fluorescence intensity of calcium green and decreased fluorescence intensity of Fura Red, at 485/20 nm excitation wavelength. Changes in [Ca2⫹] were evaluated on the basis of a
ratio of signal intensity at the G-channel (calcium green,
sensitive peak at 530 nm) relative to the R-channel (red,
sensitivity peak at 640 nm) (21).
Statistical analysis. Data are presented as the mean ⫾
SD. Student’s t-test was used to compare mean values between
treated platelets and control platelets. P values less than or
equal to 0.05 were considered significant.
RESULTS
Characterization of IgG aPL and F(abⴕ)2 aPL.
All of the IgG aPL samples from the 7 APS patients
Figure 2. Effects of different concentrations of thrombin on phosphorylation of p38 MAPK and ERK-1/2. Washed platelets were
treated with various concentrations of thrombin as indicated (0–5
units/ml thrombin). Phosphorylation of p38 MAPK (P38-P) (A) or
phosphorylation of ERK-1/2 (ERK1/ERK2-P) (B) was detected by
immunoblot in the platelet lysates using specific monoclonal antibodies to the phosphorylated form of the enzymes, as described in Patients
and Methods.
were positive for aCL (⬎100 GPL units) and all of the
IgG samples from the healthy controls were negative for
aCL (⬍10 GPL units), when preparations were tested at
a 200 ␮g/ml protein concentration. The anti-␤2GPI
antibody activities of the IgG aPL and control IgG were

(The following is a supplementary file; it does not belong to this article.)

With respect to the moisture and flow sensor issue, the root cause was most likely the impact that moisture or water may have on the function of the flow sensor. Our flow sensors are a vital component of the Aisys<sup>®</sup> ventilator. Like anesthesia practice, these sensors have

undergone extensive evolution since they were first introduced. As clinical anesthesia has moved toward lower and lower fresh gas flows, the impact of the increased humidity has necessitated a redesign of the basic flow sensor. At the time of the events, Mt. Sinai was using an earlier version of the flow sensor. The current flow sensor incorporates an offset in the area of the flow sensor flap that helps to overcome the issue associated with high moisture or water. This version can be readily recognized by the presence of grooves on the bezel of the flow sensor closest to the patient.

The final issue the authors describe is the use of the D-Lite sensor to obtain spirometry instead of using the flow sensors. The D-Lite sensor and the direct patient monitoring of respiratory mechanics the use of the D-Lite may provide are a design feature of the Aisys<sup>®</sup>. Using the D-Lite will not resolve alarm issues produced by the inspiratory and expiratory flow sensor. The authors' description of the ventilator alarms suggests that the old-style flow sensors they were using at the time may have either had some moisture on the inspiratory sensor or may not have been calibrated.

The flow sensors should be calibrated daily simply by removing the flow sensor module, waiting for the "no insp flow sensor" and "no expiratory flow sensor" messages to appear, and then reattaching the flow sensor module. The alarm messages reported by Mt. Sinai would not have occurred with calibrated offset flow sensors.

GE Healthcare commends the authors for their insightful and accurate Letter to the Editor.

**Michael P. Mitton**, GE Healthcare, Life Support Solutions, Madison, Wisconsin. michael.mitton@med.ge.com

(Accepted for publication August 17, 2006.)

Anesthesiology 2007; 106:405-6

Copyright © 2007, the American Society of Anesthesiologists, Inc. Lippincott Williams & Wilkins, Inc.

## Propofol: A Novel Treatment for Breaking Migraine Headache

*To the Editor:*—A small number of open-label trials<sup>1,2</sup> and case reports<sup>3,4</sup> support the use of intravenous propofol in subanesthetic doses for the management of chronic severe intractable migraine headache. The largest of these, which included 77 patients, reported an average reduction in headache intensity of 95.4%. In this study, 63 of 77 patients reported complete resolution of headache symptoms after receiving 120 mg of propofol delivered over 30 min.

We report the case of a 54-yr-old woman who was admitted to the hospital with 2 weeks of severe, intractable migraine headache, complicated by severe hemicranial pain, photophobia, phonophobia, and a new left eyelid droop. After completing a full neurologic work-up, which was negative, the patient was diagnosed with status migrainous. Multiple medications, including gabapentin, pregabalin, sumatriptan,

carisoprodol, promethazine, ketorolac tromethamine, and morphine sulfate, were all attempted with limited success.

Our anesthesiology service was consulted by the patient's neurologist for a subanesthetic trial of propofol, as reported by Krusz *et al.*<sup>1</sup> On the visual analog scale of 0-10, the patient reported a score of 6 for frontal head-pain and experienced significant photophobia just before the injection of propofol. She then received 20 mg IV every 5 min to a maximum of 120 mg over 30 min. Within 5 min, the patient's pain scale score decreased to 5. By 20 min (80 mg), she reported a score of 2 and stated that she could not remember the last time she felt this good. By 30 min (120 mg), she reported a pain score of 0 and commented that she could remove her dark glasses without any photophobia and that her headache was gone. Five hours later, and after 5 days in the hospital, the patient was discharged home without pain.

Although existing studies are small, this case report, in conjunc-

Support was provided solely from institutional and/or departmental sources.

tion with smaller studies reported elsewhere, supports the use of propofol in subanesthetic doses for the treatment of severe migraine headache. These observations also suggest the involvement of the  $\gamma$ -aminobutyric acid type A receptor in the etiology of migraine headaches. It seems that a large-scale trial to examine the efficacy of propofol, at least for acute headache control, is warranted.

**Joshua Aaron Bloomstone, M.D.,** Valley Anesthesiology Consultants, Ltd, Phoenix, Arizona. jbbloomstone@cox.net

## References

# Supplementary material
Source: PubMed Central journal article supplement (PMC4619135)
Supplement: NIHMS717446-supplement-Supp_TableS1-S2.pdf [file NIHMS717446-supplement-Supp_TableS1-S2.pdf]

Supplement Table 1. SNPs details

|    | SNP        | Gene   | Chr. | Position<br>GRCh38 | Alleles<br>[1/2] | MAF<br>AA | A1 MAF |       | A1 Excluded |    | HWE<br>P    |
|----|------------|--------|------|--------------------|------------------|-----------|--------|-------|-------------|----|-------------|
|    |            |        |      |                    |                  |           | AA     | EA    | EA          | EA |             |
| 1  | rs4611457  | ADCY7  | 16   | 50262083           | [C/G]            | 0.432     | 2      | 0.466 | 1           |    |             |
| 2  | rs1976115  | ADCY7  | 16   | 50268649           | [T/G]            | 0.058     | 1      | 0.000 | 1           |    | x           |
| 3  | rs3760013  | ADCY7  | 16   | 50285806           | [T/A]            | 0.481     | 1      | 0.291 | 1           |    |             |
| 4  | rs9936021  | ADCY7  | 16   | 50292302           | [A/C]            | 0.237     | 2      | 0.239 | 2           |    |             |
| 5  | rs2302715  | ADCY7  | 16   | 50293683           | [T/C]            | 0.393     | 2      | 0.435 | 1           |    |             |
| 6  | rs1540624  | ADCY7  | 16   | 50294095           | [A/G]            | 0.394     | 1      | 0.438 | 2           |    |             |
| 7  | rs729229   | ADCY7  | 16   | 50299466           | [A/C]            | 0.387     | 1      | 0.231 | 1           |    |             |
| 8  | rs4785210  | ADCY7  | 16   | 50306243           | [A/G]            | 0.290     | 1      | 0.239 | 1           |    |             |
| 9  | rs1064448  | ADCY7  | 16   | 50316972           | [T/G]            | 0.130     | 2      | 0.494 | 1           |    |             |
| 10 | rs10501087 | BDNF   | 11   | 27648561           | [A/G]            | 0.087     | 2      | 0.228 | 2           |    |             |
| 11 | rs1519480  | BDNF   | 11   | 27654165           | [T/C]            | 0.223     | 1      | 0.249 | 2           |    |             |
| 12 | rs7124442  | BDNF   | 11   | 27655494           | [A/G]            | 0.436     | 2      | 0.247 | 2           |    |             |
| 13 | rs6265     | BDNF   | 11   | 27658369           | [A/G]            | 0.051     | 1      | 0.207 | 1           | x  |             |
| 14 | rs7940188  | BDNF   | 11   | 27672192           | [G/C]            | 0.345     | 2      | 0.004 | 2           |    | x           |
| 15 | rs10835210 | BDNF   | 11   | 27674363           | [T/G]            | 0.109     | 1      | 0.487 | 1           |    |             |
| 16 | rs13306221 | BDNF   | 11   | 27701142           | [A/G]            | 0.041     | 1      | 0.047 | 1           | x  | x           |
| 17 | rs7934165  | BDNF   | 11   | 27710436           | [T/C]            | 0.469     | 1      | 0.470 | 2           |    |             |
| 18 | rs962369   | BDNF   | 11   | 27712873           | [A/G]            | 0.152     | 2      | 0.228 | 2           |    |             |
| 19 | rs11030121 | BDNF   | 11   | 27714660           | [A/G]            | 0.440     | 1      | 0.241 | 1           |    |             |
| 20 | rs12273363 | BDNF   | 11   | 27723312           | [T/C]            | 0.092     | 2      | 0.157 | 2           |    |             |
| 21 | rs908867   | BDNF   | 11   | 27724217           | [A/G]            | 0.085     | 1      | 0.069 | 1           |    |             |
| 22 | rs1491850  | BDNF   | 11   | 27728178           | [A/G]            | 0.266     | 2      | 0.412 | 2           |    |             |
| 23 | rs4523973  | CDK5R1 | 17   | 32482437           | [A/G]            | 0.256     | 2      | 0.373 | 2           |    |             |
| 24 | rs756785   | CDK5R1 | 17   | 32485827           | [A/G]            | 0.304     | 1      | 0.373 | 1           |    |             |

a mean ⫾ SD 0.870 ⫾ 0.218 net OD units and 0.140 ⫾
0.019 net OD units, respectively, when samples were
tested at a 100 ␮g/ml protein concentration. Six of the 7
IgG aPL samples were positive for LAC (APTT ratio of
patient plasma to normal plasma 1.21:1.50). All F(ab⬘)2
aPL samples were positive for binding to cardiolipin
(25–186 GPL units/100 ␮g protein), and the anti-␤2GPI
activities of the F(ab⬘)2 aPL and control F(ab⬘)2 IgG
were a mean ⫾ SD 0.505 ⫾ 0.111 net OD units and
0.068 ⫾ 0.024 net OD units, respectively (significantly
different; P ⫽ 0.0023). Binding to phosphatidylserine
was tested by ELISA and was a mean ⫾ SD 0.506 ⫾
0.112 net OD units for the F(ab⬘)2 aPL preparations and
0.018 ⫾ 0.005 net OD units for control F(ab⬘)2 IgG
(significantly different; P ⫽ 0.0002). All IgG preparations and F(ab⬘)2 fragments tested negative for LPS in
the Limulus amebocyte lysate assay.
Effects of aPL on phosphorylation of p38 MAPK
in platelets. The treatment of washed platelets with
varying concentrations of thrombin (0.005–5 units/ml)
produced a dose-dependent phosphorylation of p38
MAPK (Figure 2A). Treatment of platelets with control
IgG and 0.005 units/ml thrombin produced phosphorylation that was not different from that of platelets
treated with 0.005 units/ml thrombin alone. In contrast,
platelets treated with IgG aPL (n ⫽ 7) at 200 ␮g/ml
protein concentration and 0.005 units/ml thrombin produced a significant increase in phosphorylation of p38
MAPK (among the 7 IgG aPL samples, fold increases of
4.4, 7.8, 7.4, 5.8, 7.5, 6.3, and 5.0, when compared with
INTRACELLULAR EVENTS IN aPL-MEDIATED THROMBOSIS
Figure 3. Effects of IgG antiphospholipid antibodies (IgGaPL) on
phosphorylation of p38 MAPK (P38P). Washed platelets were treated
with 200 ␮g/ml of IgGaPL (n ⫽ 7) or IgG from normal healthy controls
(IgGNHS) and stimulated with 0.005 units/ml thrombin, or treated
with phosphate buffered saline (PBS) alone or with 0.2 units/ml